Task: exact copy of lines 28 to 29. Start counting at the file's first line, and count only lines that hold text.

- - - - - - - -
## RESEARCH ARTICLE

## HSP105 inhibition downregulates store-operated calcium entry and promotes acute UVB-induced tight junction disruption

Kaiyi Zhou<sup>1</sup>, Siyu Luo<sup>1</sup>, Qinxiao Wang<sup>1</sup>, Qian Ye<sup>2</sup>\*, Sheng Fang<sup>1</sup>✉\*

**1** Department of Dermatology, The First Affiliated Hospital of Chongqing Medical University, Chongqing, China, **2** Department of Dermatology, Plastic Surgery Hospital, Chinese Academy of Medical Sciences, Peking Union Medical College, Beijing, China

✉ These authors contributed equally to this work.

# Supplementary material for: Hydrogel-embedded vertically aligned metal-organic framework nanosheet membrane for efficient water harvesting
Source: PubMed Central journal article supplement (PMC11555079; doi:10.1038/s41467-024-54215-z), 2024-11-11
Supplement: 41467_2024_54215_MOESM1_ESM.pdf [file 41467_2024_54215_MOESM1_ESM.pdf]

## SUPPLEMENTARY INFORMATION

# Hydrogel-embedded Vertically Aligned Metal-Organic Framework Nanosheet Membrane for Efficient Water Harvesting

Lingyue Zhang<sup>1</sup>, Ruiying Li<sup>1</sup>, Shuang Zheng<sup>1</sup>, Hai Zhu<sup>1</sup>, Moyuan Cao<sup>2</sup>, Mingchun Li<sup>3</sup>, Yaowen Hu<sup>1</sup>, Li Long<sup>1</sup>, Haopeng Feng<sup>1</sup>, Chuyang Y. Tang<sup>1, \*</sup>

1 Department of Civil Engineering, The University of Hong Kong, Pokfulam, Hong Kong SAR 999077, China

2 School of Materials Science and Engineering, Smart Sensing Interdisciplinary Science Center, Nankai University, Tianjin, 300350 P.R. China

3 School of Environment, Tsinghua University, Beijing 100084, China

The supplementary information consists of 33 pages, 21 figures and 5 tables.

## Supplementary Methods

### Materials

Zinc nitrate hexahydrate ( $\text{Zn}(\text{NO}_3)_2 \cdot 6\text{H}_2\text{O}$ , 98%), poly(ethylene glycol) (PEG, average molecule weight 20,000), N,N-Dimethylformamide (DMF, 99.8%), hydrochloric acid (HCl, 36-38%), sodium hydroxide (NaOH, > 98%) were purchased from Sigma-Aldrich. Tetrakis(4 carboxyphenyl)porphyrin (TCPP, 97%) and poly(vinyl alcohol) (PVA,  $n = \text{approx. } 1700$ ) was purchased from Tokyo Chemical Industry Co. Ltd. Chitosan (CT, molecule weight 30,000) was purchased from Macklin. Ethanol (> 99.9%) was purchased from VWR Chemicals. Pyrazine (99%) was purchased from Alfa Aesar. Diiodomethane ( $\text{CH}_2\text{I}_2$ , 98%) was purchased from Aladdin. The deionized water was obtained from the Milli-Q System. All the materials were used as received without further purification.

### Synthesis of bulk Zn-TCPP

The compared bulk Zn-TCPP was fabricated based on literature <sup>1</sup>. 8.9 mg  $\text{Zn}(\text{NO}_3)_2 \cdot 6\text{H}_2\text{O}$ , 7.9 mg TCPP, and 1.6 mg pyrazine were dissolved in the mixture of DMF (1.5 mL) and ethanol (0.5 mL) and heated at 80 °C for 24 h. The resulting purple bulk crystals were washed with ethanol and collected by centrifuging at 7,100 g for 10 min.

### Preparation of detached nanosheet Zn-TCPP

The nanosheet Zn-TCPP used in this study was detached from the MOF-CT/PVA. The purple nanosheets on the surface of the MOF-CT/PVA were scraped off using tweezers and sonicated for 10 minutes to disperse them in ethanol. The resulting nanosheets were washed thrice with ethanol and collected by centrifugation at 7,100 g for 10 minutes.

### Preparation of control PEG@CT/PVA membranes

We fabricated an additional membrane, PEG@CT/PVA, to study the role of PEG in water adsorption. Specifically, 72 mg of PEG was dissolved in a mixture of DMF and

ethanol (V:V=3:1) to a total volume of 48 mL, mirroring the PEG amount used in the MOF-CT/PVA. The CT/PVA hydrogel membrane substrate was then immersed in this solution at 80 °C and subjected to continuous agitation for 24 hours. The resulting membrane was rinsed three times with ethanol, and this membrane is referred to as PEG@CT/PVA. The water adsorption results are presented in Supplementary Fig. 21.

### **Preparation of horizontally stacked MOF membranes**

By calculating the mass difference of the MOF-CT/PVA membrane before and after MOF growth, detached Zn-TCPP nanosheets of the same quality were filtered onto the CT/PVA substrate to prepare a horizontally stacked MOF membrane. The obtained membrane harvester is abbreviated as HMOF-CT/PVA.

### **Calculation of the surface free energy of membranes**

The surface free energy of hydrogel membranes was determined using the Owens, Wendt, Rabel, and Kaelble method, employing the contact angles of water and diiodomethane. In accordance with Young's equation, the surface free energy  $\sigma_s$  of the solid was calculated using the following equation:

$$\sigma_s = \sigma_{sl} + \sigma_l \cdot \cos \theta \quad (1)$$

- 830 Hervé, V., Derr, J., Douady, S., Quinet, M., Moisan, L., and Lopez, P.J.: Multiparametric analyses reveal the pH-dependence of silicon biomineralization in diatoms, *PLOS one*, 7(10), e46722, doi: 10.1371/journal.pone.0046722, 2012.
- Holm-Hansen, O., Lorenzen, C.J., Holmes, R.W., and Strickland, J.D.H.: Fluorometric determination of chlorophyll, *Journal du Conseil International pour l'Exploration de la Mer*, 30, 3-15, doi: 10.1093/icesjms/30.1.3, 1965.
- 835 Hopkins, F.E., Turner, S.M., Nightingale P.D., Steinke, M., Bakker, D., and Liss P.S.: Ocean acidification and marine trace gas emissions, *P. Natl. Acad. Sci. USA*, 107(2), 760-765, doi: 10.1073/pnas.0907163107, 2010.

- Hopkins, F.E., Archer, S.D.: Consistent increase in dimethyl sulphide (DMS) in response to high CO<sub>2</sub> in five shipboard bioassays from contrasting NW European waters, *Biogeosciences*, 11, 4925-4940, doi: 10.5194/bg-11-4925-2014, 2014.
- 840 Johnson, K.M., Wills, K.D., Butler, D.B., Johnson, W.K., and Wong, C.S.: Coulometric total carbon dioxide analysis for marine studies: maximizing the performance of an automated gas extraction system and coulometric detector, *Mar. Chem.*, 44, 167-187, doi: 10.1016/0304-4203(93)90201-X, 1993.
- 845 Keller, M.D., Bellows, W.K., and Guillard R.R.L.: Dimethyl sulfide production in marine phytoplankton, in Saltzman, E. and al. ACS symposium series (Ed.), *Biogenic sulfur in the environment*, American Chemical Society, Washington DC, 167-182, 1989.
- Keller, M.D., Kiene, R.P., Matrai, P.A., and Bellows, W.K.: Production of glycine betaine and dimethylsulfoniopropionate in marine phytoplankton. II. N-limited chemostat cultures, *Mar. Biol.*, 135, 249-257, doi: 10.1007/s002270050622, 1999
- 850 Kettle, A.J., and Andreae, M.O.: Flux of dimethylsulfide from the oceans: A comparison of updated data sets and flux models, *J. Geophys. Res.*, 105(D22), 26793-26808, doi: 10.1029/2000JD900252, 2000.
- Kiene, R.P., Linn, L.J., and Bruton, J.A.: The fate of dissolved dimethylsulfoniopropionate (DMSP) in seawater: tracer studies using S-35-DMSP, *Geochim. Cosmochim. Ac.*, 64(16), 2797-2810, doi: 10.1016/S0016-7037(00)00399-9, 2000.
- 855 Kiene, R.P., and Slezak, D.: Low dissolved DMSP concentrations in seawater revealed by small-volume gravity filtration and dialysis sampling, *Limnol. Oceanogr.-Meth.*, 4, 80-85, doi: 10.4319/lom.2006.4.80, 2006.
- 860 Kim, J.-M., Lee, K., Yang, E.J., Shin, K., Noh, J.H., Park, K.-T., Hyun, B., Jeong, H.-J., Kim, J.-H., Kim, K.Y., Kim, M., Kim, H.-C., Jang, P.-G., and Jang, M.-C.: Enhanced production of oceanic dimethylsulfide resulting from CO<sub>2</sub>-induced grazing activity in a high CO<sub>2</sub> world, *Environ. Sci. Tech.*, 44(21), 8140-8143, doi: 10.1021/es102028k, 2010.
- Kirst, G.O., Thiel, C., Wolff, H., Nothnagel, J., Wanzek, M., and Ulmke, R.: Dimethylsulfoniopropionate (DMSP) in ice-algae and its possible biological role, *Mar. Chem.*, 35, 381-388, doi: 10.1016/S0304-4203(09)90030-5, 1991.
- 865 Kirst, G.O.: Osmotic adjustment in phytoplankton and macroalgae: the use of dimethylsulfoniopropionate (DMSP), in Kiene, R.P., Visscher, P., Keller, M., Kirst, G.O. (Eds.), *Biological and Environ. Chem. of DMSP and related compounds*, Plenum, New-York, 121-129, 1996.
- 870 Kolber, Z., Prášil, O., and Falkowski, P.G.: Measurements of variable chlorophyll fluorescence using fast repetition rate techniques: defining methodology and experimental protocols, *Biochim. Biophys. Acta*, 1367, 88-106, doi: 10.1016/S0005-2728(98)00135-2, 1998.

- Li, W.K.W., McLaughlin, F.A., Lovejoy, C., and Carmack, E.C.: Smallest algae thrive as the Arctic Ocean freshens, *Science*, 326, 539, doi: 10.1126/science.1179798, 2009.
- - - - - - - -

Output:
### **Calculation of the surface free energy of membranes**

The surface free energy of hydrogel membranes was determined using the Owens, Wendt, Rabel, and Kaelble method, employing the contact angles of water and diiodomethane. In accordance with Young's equation, the surface free energy  $\sigma_s$  of the solid was calculated using the following equation: